The lottery is a form of gambling wherein people pay money to play for a prize. A percentage of the winnings is then given to good causes. Often the money is used for park services, education, funds for seniors & veterans, etc. It is also a popular way to get funding for research & development. However, the lottery is not without its critics. There are numerous arguments against it, ranging from the issue of compulsive gambling to its regressive impact on lower-income groups. While most states legalize the lottery, they have different ways of running it, and these variations can affect its success. For example, some state governments offer multiple-choice questions while others use a random number generator to select winners. The latter method is more fair and unbiased than the former, but it does require a higher investment.
The popularity of lotteries has a lot to do with public perception. When a government explains that the proceeds of a lottery will benefit a particular public service, it can engender broad support. This argument is especially effective during times of economic stress, when people fear a reduction in social safety nets or a tax increase. But studies have found that the objective fiscal condition of a state has little to do with whether it adopts a lottery.
A more subtle factor is the lottery’s association with unimaginable wealth. In early America, where lotteries were first widely adopted, they were tangled up with the slave trade in unpredictable and dangerous ways. George Washington once managed a lottery whose prizes included human beings, and one enslaved man purchased his freedom by winning a lottery and went on to foment a slave rebellion.
Lotteries have also come to be seen as a way of bypassing ethical objections to gambling, by convincing people that it’s just another form of gaming. As Cohen observes, this argument was particularly potent in the nineteen-seventies and nineteen-eighties, when the euphoria about multimillion-dollar jackpots coincided with an erosion of financial security for most working people. Incomes stagnated, pensions and job security declined, health-care costs rose, and the old promise that hard work would yield financial prosperity for children of every race and class faded.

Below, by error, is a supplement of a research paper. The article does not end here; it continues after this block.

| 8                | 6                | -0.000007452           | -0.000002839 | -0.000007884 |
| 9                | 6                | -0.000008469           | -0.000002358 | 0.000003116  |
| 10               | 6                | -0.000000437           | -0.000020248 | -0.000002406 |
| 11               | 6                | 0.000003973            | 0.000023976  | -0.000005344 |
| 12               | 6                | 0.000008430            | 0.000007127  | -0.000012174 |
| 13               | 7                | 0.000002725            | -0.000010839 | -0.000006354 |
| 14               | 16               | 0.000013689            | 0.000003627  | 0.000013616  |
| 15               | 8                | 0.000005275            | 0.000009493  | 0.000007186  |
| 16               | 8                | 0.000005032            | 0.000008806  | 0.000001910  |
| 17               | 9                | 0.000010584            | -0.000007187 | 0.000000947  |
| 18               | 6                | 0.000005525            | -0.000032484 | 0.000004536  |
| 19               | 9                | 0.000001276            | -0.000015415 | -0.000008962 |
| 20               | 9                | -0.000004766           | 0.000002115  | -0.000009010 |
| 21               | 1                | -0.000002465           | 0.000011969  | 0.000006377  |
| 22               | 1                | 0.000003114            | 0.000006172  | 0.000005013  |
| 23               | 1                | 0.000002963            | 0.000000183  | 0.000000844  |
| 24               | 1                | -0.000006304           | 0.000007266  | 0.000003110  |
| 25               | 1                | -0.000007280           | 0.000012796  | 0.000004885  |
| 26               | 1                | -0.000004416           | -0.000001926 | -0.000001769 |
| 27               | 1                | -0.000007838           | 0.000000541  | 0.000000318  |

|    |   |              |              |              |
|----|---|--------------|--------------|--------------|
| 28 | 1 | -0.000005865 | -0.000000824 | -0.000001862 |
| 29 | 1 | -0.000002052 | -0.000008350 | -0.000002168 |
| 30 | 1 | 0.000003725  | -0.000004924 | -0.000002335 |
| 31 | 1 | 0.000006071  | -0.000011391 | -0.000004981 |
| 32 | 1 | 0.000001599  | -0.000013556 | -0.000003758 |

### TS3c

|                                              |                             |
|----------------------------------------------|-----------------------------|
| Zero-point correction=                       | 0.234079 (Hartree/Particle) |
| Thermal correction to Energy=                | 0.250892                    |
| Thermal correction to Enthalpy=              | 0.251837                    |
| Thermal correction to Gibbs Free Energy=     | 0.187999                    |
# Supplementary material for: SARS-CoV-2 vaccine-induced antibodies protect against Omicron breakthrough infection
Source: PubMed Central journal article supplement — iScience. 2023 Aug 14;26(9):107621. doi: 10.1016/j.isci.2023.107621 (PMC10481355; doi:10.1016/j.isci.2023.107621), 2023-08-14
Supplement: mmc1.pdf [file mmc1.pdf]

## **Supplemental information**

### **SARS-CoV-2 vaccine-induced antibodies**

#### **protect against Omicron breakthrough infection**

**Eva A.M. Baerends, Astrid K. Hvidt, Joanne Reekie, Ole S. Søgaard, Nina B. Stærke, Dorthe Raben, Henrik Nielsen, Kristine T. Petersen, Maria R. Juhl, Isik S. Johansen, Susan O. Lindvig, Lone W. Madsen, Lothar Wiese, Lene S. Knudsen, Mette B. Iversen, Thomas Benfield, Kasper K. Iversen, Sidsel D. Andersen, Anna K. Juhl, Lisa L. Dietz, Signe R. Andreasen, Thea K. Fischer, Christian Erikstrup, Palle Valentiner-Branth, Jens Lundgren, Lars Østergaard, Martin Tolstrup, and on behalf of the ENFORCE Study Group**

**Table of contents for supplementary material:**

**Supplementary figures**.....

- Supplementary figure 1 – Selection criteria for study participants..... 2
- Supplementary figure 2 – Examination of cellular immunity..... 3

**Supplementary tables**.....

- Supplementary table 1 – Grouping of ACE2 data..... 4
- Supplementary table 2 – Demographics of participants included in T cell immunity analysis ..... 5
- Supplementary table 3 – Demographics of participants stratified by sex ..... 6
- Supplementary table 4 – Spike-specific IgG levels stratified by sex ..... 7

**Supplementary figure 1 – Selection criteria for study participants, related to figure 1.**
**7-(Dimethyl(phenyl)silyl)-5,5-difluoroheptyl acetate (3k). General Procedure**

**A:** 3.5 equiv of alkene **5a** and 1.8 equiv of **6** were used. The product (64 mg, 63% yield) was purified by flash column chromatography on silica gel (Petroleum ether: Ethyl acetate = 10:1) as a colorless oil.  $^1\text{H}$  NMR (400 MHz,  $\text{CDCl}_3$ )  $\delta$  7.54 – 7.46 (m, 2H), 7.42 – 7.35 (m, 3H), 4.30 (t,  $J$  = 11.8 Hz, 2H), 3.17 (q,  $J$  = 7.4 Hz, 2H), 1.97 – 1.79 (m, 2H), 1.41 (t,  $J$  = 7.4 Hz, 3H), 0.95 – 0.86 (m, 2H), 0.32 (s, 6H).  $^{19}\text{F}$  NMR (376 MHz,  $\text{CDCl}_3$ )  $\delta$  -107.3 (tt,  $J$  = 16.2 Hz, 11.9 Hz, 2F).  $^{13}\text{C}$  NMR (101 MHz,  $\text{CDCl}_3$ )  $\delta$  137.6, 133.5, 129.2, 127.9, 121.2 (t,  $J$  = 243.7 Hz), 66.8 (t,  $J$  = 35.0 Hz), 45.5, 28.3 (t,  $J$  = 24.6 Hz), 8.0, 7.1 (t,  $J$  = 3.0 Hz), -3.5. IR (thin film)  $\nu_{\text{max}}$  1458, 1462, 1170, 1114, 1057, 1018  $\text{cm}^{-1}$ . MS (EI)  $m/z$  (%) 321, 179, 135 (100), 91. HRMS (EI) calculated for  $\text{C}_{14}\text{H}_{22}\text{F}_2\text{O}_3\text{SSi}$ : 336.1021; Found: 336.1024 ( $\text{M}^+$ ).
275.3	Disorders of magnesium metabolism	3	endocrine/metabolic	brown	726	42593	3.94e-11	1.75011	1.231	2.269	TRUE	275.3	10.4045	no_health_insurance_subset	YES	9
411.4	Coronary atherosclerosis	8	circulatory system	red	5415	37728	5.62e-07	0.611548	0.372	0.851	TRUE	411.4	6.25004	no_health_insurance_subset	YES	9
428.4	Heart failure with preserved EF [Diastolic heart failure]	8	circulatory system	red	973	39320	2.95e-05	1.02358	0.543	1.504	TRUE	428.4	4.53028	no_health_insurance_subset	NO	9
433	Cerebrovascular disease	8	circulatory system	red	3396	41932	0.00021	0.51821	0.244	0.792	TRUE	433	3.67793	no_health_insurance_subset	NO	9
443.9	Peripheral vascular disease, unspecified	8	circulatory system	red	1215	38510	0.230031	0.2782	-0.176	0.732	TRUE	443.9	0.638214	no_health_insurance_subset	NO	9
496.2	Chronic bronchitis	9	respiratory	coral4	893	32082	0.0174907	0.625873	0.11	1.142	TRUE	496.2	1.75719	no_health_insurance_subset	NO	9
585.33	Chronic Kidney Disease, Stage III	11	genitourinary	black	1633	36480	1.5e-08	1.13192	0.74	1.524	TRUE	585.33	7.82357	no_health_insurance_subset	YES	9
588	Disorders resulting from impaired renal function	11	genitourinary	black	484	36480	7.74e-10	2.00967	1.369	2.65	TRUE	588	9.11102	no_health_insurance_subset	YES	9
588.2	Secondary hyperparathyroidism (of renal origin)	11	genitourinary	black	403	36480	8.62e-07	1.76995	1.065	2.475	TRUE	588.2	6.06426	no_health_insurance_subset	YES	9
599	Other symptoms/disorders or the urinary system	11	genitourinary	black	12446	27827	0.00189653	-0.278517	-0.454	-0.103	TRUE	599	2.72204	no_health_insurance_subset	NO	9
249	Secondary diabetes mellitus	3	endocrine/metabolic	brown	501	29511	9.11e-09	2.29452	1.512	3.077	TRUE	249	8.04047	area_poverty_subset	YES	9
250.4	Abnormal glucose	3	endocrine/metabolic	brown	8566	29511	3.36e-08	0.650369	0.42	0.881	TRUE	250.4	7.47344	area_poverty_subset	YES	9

But a sliver of hope remains, even in this dark age of inequality and skepticism. People still want to believe that the next lottery draw will change their lives, and that there is still some chance of winning. Whether that hope is the result of blind optimism or a subconscious recognition that we are living in an ugly underbelly of humanity, it persists. Shirley Jackson’s short story The Lottery shows just how pervasive this feeling is. Her characters greet each other and exchange gossip in a casual setting, while at the same time acting as if they are morally superior to those who would take a chance on the improbable. They do so without a hint of remorse or shame. It’s almost as though they have no choice.